Southern Baking Traditions

Southern Baking Traditions - Price Family, date unknown - Courtsey of The Center for Public History

Note: This project was conducted before the formal inception of the SFA’s oral history program. It differs in scope and format from later SFA oral history projects. In this case, the project was conducted by the Center for Public History at the University of West Georgia, with support from the Southern Foodways Alliance.

Southern baking is not only a way of survival: it is an expression of love, empathy, and celebration. Food brings families together at mealtime, celebrates the gathering of communities at traditional “dinner on the grounds,” consoles friends when a loved one dies, and offers topic for conversation at holidays. It represents the resourcefulness and ties that bind southern families and communities together.

Almost every family boasts its own special baking traditions, from the daily fare of biscuits and cornbread to favorite baked goods made for holidays or other special occasions. Even today, southerners bake cherished recipes and use the prized baking pans that we remember from our childhood. The nourishment of these traditional baked goods, passed down from generation to generation, represents a nourishment of the soul.

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In 2003 the Center for Public History engaged in an oral history project documenting our regional foodways. The Southern Foodways Alliance, in Oxford, Mississippi, approached us with some funding from Crisco and asked if we would like to partner with them to begin an oral history project exploring Southern baking traditions. Dr. Ann McCleary, Director of the Center for Public History, eagerly obliged, and since that time, several graduate and undergraduate students and university faculty in history, anthropology, and gerontology have participated in the project. We have conducted over thirty interviews, created a traveling exhibit, and conducted a number of public programs at our exhibit locations, finely tuned for the special audiences in our community.

The Center for Public History, University of West Georgia (View the on-line exhibit here.)


A complete set of interviews from the Southern Baking Traditions project is archived in the Southern Foodways Alliance’s Oral History collection at the University of Mississippi.

Interviews

Annelle Lindsey

Annelle Lindsey

Mrs. Lindsey fondly recalls her mother using some brand specific and farm produced ingredients to bake homemade cakes, pies, biscuits, cornbread, and tea cakes in her favorite worn cake pan and perfectly seasoned cast iron skillet. Even today Lindsey uses many of her mother’s recipes for holidays, birthdays, and church dinner on the grounds.

Eula Mae & Alton Stitcher - SFA Member Contributions

Eula Mae & Alton Stitcher

There are few dishes Eula Mae Stitcher cannot cook. The very thought of Eula’s fruit cobbler or Red Velvet, fresh apple, Amish Friendship, Coca-Cola, and punchbowl cakes can leave anyone’s mouth watering. The biggest fan of Eula’s baking is her husband of forty-two years, local musician Alton Stitcher. Mr. Stitcher has seen the modern evolution of baking and his wife’s recipes over the years, and he still has vivid memories of the ingredients and methods his mother used in preparing food for his family as a child.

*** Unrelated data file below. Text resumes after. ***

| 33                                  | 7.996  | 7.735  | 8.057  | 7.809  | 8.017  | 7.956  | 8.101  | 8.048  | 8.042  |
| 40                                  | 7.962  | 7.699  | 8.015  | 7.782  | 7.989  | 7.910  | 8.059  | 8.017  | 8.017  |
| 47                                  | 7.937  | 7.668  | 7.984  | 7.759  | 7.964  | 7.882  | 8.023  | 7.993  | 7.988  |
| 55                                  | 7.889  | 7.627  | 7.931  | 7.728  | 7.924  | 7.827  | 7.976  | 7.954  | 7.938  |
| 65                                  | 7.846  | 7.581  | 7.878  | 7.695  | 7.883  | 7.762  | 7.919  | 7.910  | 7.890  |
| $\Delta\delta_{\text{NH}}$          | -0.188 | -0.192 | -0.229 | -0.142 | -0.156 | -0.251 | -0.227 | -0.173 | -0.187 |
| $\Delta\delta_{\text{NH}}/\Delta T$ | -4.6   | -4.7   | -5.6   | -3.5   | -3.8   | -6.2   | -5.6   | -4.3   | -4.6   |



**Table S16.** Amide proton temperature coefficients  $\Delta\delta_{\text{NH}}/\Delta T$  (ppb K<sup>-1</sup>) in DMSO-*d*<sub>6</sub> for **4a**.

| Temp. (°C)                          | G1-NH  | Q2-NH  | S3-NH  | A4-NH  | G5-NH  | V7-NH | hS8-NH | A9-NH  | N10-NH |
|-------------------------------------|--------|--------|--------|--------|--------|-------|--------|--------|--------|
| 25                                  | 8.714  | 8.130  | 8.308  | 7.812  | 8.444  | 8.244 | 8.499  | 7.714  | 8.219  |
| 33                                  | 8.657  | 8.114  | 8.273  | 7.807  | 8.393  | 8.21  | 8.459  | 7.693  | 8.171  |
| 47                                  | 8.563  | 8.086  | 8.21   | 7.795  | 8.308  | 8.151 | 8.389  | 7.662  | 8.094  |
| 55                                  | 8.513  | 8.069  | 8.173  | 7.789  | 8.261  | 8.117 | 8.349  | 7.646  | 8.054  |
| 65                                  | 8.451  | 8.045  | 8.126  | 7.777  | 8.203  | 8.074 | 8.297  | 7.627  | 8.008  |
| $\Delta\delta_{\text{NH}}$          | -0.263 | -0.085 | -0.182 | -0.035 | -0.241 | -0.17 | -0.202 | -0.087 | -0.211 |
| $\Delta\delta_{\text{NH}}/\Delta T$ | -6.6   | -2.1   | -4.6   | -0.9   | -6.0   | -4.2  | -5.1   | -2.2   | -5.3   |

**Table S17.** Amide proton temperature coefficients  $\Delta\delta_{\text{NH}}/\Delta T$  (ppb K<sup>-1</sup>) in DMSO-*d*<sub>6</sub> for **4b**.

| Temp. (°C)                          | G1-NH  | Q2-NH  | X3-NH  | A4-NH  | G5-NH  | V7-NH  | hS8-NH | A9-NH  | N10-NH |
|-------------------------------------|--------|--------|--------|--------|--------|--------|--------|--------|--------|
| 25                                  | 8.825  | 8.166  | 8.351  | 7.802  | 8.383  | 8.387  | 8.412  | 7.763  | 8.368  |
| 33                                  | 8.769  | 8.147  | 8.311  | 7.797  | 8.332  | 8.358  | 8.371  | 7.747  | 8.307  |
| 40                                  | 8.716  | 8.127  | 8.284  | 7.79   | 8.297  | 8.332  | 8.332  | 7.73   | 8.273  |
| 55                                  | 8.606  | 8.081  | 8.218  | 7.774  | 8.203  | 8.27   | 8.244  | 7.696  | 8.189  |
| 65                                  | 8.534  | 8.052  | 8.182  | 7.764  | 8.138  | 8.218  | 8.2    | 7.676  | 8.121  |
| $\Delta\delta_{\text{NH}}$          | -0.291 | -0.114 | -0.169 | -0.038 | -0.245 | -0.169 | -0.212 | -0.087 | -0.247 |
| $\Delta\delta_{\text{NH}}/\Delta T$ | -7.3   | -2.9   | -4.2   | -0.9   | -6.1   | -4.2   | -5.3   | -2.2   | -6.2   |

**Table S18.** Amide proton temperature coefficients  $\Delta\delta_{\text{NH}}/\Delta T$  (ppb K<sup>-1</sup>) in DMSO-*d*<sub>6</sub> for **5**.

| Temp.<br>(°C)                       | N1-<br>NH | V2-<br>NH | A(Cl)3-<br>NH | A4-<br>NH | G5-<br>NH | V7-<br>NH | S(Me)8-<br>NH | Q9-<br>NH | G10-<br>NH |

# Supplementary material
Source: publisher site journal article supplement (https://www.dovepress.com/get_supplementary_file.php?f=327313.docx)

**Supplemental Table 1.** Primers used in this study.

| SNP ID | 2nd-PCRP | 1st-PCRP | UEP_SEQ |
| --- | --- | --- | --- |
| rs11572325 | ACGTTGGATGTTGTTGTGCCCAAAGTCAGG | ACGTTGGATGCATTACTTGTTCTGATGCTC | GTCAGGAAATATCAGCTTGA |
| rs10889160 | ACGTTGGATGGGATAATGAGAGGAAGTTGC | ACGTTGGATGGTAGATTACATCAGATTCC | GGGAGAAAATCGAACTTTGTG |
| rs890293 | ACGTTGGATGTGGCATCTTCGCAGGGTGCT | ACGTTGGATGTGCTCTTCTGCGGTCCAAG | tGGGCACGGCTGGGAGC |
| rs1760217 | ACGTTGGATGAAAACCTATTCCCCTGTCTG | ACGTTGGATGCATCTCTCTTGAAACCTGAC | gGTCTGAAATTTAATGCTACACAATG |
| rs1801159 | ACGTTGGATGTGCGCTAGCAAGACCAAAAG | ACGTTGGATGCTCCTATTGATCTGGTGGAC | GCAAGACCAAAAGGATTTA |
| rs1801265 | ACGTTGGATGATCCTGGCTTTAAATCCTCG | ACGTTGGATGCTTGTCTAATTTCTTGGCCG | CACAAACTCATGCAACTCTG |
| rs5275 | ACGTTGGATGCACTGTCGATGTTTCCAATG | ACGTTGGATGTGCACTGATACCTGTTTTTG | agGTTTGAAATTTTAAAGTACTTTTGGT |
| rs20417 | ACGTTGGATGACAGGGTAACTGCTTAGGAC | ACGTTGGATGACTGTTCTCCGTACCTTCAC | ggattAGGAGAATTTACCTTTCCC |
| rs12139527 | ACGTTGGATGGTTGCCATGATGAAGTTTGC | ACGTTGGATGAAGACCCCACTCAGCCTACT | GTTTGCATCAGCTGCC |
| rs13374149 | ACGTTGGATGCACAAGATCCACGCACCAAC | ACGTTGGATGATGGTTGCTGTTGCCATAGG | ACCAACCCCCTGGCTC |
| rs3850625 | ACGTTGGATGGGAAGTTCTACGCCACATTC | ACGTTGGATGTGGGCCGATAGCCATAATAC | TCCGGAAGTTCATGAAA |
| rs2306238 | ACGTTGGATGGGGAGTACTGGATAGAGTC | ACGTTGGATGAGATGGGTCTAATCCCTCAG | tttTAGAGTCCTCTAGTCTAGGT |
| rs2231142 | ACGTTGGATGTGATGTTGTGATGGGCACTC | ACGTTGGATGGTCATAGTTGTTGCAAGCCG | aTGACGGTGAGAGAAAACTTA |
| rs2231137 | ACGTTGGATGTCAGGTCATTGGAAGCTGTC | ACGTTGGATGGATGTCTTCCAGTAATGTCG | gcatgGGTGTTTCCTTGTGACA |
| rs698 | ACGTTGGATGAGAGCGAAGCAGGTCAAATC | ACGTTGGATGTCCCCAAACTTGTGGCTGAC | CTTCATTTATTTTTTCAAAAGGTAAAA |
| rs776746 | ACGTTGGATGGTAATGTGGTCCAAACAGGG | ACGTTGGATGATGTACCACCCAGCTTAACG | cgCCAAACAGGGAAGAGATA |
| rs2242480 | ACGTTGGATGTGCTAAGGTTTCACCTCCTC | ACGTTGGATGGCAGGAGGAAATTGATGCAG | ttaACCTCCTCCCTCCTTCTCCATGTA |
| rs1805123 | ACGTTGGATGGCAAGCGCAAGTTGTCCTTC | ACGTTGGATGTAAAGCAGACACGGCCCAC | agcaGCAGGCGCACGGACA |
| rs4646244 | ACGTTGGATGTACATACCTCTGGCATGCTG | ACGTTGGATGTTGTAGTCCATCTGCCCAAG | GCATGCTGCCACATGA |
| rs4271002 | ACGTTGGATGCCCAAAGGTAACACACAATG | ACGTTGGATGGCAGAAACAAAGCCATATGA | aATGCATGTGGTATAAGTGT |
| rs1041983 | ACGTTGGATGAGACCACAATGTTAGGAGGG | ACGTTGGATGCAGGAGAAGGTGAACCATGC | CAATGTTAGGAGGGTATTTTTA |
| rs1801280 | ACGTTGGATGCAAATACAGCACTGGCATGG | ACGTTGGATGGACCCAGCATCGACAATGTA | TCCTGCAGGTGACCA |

James & Evelyn Tamplin

Ironically Mrs. Tamplin’s experience in getting her Home Economics degree was the first time she had ever attempted to cook, her mother had always insisted she handle the family meals. Just as her mother was well known around the community for her tea cakes and fried pies years ago, Evelyn Tamplin’s unique recipes have led her to be dubbed the “muffin lady” around Carrollton, and “Betty Crocker” by her friends in Florida. Mrs. Tamplin’s Christmas Lizzies are a popular holiday treat and though convenience and health concerns have led her to use modern pre-packaged goods in some of her recipes, Evelyn fondly recalls the days when farm-fresh ingredients were available.

Matthew Fuller

The family farm often produced the ingredients needed to cook and bake, however when times were hard and money scarce, many families including the Fuller’s found ways to improvise. Seasonal availability and special events often dictated the Fuller menu, but M.T. remembers the female members of his family baking and mixing meals with ease, without the aide of a measuring cup or spoon. According to M.T. Fuller, the “old-fashioned” methods of cooking have gradually given way to more modern traditions, and although it might be easier to make frozen biscuits or purchase a cake at the bakery, the homemade version has and will always yield a “better flavor.”

Sandy Pollard - SFA Member Contributions

Sandy Pollard

Overtime, Pollard has mastered the art of baking “light and fluffy” biscuits and adapted to perfection her ex-husband’s family tea cake recipe. Although the convenience of modern restaurants, groceries and bakeries have altered the diets of many Southerners Ms. Pollard continues to observe tradition by cooking the “old Fashioned way.” Sandy Pollard believes the extra time required to bake homemade southern foods like pound cake and banana pudding produces a delicious tangible product, but also an unspoken message of love that nourishes the soul.